What would a hacker do?

14 Apr

Have you heard about Mick Ebeling?

He spoke at a TED gathering this month and told an amazing story about helping a well-known graffiti artist named Tempt. After being gripped by the nerve disease ALS, Tempt was left paralyzed, except for the use of his eyes.

Ebeling's son wearing a prototype of the Eyewriter

Tempt’s family wanted a way to communicate with him. Ebeling, who founded the Not Impossible Foundation, swooped in to help.

He wondered why the family didn’t just use one of those speech synthesizers Stephen Hawking uses. They said, “Unless you’re in the upper echelon and have amazing insurance, you can’t get that.”

So Ebeling put together a team of hackers and designers to build an alternate solution. They used simple tools — a cheap pair of sunglasses from Venice Beach, cooper wire, stuff from Radio Shack. They hacked open a camera and mounted it to an LED light.

The result was the Eyewriter, a device people can build themselves — Ebeling and team published the plans and offer the downloadable software for free.

It’s now as simple as this: If you’re paralyzed, you can communicate or draw using your eyes. There are no limitations, no insurance company or hospital that can say no. That’s an amazing breakthrough.

His story made me reflect on the edible school garden project I’ve been working on.

The goal of the garden project is to allow all children to be enriched by nature, and for all children to reconnect with real food, and to learn how to cook and like those foods. I’ve certainly encountered financial constraints. And there are bureaucratic barriers to contend with.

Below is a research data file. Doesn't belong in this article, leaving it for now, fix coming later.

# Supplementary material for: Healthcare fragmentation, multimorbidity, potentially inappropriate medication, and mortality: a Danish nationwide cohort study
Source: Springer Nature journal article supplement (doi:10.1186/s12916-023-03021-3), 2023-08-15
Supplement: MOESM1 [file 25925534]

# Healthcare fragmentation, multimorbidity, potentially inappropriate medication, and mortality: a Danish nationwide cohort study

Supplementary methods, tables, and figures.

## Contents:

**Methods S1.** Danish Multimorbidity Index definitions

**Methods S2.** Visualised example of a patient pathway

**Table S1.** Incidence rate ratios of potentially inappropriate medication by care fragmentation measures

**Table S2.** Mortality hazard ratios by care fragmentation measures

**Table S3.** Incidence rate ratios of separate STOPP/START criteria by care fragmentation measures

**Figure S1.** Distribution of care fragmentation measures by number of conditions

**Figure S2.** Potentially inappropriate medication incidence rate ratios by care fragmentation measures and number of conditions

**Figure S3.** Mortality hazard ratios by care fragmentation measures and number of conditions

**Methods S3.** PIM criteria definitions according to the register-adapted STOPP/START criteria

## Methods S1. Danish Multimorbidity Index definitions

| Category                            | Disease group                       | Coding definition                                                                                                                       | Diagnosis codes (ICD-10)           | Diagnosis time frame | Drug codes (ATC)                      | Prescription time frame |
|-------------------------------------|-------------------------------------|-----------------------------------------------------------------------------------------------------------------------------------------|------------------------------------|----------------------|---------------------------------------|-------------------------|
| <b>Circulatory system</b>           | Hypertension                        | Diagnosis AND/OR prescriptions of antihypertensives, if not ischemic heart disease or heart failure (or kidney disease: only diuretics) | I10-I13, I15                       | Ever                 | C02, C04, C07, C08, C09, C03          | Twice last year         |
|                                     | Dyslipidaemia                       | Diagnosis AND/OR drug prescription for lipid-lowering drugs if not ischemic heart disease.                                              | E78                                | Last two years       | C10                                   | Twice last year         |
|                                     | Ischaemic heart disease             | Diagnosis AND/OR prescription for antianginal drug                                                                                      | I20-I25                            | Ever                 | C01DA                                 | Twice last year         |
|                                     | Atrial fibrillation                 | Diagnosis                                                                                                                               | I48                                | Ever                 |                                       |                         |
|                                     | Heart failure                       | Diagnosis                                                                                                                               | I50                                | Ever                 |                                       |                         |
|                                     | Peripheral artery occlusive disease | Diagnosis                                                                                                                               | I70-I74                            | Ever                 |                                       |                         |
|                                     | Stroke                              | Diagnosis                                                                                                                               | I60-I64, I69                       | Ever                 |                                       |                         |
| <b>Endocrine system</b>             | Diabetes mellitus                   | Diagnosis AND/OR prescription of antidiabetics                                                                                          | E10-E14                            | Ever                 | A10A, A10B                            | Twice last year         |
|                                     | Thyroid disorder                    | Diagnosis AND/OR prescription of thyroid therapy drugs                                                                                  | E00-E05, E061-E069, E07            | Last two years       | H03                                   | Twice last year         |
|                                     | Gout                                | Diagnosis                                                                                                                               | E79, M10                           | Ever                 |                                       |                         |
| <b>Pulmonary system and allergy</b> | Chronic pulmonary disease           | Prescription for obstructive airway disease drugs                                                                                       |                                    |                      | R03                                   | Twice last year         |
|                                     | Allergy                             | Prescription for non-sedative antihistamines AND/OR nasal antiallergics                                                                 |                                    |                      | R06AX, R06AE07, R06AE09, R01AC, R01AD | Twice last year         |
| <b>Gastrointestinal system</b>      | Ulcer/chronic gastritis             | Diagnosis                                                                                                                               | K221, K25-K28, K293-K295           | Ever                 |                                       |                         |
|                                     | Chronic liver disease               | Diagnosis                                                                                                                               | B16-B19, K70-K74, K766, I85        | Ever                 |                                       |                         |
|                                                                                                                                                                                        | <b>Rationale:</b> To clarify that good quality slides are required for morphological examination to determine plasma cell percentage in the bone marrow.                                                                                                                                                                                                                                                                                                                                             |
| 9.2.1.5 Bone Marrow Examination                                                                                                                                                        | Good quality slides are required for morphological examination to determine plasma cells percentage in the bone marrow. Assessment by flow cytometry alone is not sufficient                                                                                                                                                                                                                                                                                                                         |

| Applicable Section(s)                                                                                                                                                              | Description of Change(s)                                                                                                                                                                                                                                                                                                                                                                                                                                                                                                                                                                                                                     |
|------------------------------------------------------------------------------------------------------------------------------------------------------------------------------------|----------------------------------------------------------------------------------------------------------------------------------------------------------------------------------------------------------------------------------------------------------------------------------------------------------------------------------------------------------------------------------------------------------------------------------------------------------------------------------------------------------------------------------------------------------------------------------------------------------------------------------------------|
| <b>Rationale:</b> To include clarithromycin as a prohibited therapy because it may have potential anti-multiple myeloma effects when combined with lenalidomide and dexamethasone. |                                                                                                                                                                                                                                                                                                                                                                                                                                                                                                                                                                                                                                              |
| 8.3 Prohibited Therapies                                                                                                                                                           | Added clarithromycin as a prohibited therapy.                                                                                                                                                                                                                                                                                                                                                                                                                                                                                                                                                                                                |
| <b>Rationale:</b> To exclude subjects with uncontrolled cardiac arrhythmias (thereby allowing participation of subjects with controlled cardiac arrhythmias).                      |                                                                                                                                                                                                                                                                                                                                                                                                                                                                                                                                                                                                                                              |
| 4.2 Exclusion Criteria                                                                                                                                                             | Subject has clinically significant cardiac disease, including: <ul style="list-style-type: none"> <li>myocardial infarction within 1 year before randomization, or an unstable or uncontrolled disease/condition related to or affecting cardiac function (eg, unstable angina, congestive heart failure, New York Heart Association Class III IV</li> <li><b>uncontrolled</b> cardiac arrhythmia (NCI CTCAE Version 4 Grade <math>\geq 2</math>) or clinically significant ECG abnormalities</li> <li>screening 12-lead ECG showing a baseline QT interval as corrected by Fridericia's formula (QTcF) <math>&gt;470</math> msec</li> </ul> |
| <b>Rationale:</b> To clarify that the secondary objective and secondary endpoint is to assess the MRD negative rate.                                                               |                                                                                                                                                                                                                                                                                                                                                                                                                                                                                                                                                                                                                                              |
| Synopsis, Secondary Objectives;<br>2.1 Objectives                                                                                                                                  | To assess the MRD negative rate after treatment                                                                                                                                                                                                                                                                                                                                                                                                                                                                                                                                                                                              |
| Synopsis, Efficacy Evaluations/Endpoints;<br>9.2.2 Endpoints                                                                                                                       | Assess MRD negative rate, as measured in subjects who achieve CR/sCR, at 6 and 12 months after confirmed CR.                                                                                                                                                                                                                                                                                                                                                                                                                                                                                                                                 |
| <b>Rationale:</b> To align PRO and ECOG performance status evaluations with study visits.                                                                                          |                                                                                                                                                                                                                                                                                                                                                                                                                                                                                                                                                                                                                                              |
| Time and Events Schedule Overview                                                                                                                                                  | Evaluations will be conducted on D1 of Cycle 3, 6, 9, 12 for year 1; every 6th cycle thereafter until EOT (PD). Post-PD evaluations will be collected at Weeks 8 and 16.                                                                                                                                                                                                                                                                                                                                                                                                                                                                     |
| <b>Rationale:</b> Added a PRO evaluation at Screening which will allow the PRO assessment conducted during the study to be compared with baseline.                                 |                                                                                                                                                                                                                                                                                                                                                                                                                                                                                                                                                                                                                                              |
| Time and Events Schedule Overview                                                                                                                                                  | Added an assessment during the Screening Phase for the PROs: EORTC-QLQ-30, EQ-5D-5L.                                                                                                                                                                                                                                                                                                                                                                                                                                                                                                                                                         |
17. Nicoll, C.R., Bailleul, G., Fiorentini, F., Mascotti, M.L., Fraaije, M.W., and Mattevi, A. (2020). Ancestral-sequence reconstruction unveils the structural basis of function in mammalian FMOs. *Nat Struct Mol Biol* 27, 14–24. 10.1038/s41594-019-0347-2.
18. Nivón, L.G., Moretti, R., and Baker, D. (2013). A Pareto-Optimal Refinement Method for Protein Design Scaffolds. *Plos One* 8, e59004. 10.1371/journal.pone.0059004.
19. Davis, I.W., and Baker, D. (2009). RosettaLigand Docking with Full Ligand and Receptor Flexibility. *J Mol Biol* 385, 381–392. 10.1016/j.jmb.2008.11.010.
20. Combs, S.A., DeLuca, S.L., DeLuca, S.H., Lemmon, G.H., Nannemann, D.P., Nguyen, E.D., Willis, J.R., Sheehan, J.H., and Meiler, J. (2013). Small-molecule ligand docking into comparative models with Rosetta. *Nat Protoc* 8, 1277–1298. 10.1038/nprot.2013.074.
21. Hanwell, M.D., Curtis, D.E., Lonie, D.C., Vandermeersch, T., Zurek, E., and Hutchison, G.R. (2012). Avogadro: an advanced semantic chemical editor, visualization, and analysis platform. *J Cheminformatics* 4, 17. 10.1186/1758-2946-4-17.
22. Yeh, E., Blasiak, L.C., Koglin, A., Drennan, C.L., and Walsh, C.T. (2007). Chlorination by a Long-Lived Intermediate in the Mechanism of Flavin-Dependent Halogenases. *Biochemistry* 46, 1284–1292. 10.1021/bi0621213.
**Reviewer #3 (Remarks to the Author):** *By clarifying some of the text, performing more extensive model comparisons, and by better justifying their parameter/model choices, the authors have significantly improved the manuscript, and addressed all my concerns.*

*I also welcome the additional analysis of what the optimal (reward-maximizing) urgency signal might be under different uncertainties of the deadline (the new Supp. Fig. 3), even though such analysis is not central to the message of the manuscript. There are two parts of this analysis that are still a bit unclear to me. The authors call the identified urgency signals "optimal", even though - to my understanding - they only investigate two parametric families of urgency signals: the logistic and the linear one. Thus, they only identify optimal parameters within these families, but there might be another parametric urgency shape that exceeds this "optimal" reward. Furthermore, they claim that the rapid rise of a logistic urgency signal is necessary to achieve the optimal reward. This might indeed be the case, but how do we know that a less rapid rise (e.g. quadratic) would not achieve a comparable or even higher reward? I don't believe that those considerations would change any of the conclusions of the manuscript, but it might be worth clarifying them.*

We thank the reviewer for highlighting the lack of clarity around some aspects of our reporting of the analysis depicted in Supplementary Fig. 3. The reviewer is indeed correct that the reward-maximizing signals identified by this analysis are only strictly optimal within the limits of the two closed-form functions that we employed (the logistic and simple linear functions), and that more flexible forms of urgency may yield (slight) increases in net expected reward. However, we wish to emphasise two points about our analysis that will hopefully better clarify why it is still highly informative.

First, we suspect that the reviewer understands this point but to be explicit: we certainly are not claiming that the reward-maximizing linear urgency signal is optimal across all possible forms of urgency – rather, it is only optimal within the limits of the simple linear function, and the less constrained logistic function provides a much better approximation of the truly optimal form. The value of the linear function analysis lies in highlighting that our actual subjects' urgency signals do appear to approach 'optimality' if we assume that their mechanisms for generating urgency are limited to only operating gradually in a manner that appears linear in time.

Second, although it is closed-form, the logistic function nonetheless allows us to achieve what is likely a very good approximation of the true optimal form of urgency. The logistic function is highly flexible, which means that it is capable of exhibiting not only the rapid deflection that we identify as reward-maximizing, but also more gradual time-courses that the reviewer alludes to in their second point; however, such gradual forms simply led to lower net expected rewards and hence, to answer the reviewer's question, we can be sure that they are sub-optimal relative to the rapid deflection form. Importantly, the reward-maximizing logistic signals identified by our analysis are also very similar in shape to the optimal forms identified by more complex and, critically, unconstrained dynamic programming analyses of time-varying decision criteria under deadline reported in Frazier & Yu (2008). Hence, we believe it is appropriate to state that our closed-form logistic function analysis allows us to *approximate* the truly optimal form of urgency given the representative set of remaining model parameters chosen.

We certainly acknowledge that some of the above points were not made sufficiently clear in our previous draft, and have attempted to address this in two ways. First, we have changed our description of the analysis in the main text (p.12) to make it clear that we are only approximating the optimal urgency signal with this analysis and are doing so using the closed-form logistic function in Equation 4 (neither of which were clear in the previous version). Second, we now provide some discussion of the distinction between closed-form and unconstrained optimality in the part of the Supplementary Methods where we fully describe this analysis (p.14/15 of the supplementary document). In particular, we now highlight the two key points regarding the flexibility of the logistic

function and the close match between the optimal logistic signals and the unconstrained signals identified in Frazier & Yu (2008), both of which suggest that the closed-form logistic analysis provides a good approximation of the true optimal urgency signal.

Nutritionist Becca Wright makes green smoothies with kids

But I’m inspired Ebeling’s hacker spirit. That’s the sort of thinking we all need more of. The type of thinking that makes you ask, “What’s the most creative — and cheapest — way to reach the goal? What would a hacker do?”

In a couple of weeks, our own hacker group — three NCSU undergrad design students — will be finished designing and constructing a mobile cooking station. Our school nutritionist can start taking it into classrooms for cooking sessions. (After installing garden beds for a couple of years, we finally have enough produce growing to sustain a cooking class.)

Cost for materials to build the cooking cart? Around $200. I’ve asked our school community for donations of used cooking equipment and have already heard from a lot of folks willing to throw in measuring cups, whisks and mixing bowls. With the $50 gift card we received from Target, we should be able to buy some knives.

So, to build and stock the cart, we’re making a one-time investment of 62 cents per student.

When we’re finished, we’ll post the plans online, so anyone can roll up their sleeves and build a cart for their own school — and maybe even come up with a cheaper way to do it.

It’s only a partial hack, but it’s pretty affordable and can be replicated. There are 16 other Durham schools that, like our school, receive a nutritionist’s services through DINE for LIFE. And a growing number of schools have their own gardens.

What I’d like to hear from you is, what’s your hack?

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